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What is More Important?—Sample Answer

interview tips Nov 03, 2022

Last week, we talked about how to answer a interview question that asks you to pick one option or another:

What is more important: strategy or execution? And why?

This is an example of a typical “What is more important?” type question that you may get asked in a job interview. You will want to prepare for this question by using the C.F.A.S. (Clarification. Framework. Assumptions. Solution.) method as your answer structure. [Click here to read last week’s article discussing the structural strategy.]

Ultimately, you want to present a strong case for one option while leaving the door open to provide an argument for the other concept. This is done with a transitional statement at the end of your answer that allows the interviewer to guide you in the preferred direction.

Today, we will walk through a sample answer to this specific question. You will be able to see the strategies involved in crafting an effective response.

Sample Answer

Let’s assume that I am interviewing for a Program Manager role, focused on devices at Google. As always, we will be talking to our imaginary interviewer, Sue. Let’s also assume that Sue is not being very responsive. She is polite, but really isn’t answering any of our questions.

Let’s dive in.


“Thanks Sue. I have a few clarifying questions. First, are we in the beginning, middle or end of this initiative?

“I would also be curious about a few other items. I would like to know if we’ve ever done anything like this in the past. Yes or no? I’d be thinking about the scope of the project. Is the scope of this initiative small, medium or large? Lastly, I’d be curious about the stakeholders. Are we working with internal stakeholders, external stakeholders, or both? 

“Sue, can you answer any of these questions for me?”

[Pause here for a response. Then, you can proceed by presenting your own suggested frameworks based on Sue’s answers (or lack of answers).]


 “Okay. A few concepts we should focus on are the goals, the historical data, the timeline, and scope and scale. In addition, we want to be thinking about the risk and benefits, the key stakeholders, and the KPIs. I think we should focus on goals, but is there another area you would like to focus on?”


“Let’s start by focusing on the goals, and I am going to go ahead and argue for strategy. Let’s also add in a couple of assumptions. Let’s assume the goal is to release a new Google Pixel tablet, and let’s say the timeline is to have it ready for the holiday season of 2023.”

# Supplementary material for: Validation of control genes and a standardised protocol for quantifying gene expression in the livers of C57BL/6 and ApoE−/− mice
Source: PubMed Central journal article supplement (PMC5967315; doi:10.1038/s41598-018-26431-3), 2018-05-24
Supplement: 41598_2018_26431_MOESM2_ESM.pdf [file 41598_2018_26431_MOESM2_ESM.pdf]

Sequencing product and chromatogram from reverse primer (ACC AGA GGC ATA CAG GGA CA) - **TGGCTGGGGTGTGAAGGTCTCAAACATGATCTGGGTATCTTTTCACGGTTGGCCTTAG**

Solution #1

The first goal should be defining our target audience. We may want to bring in the research team to focus on who our target audience could be. Then, we can start to define the overall demographics, both domestically and globally.

“The next goal would be to focus on the overall reach. We want to think about how we’re going to reach this audience. This is where I would probably bring in the marketing team to start thinking about the communication, the messaging, and the platforms we might use to reach this target audience. 

“Next, we will have to strategize. We must think about the purpose behind these overall goals. What are we trying to solve for? We are not only focusing on the who, but also the why. This will probably involve bringing in stakeholders from engineering, product development, UX, and of course, marketing and sales.

“We’ve established the who and why. Now, we want to talk about the buying journey. This will likely involve bringing in more of the sales team. Then, we’ll move on and talk a little about validation. We do want to validate as part of our strategy to determine if the market really wants another tablet. How can we learn from what competitors have done? 

“Once we have done a lot of this upfront work, we are going to work on a comprehensive strategic plan and bring in all those teams again. We might use some simple formulas such as using a SWOT analysis and looking at the overall ROI. Lastly, we want to make sure we have full alignment within the strategic vision of our goals.” 

After-Solution Transition

“Sue, the next best step is probably to enter the first phase of the program and further argue for the strategy. However, we could also dive a little deeper into the audience. We could talk more about the competition. We could go back to one of those initial concepts I mentioned before. Specifically, we might talk about risk as a very important component of strategy.

“Or, I am more than happy to flip the script and argue for execution. Sue, is there one item or one area you would like me to discuss?” 

This sample answer shows you how to make your case for one concept, but the after-solution transition allows the interviewer to guide you to the next part of your answer. Sue may want to hear more about your strategy plan, or she may be interested in hearing your argument for execution. This is a really strong approach when presented with a “What is more important?” question.

Please watch my full video on this topic below:

For more interview coaching resources and tips, follow my YouTube channel, check out my blog or visit the Practice Interviews website.

Jeff H. Sipe

Jeff has interviewed over 1000 people in his career and previously spent five years working at Google headquarters in Silicon Valley. You likely found Jeff through YouTube and you will find the same level of dedication in his one on one practice interview sessions.

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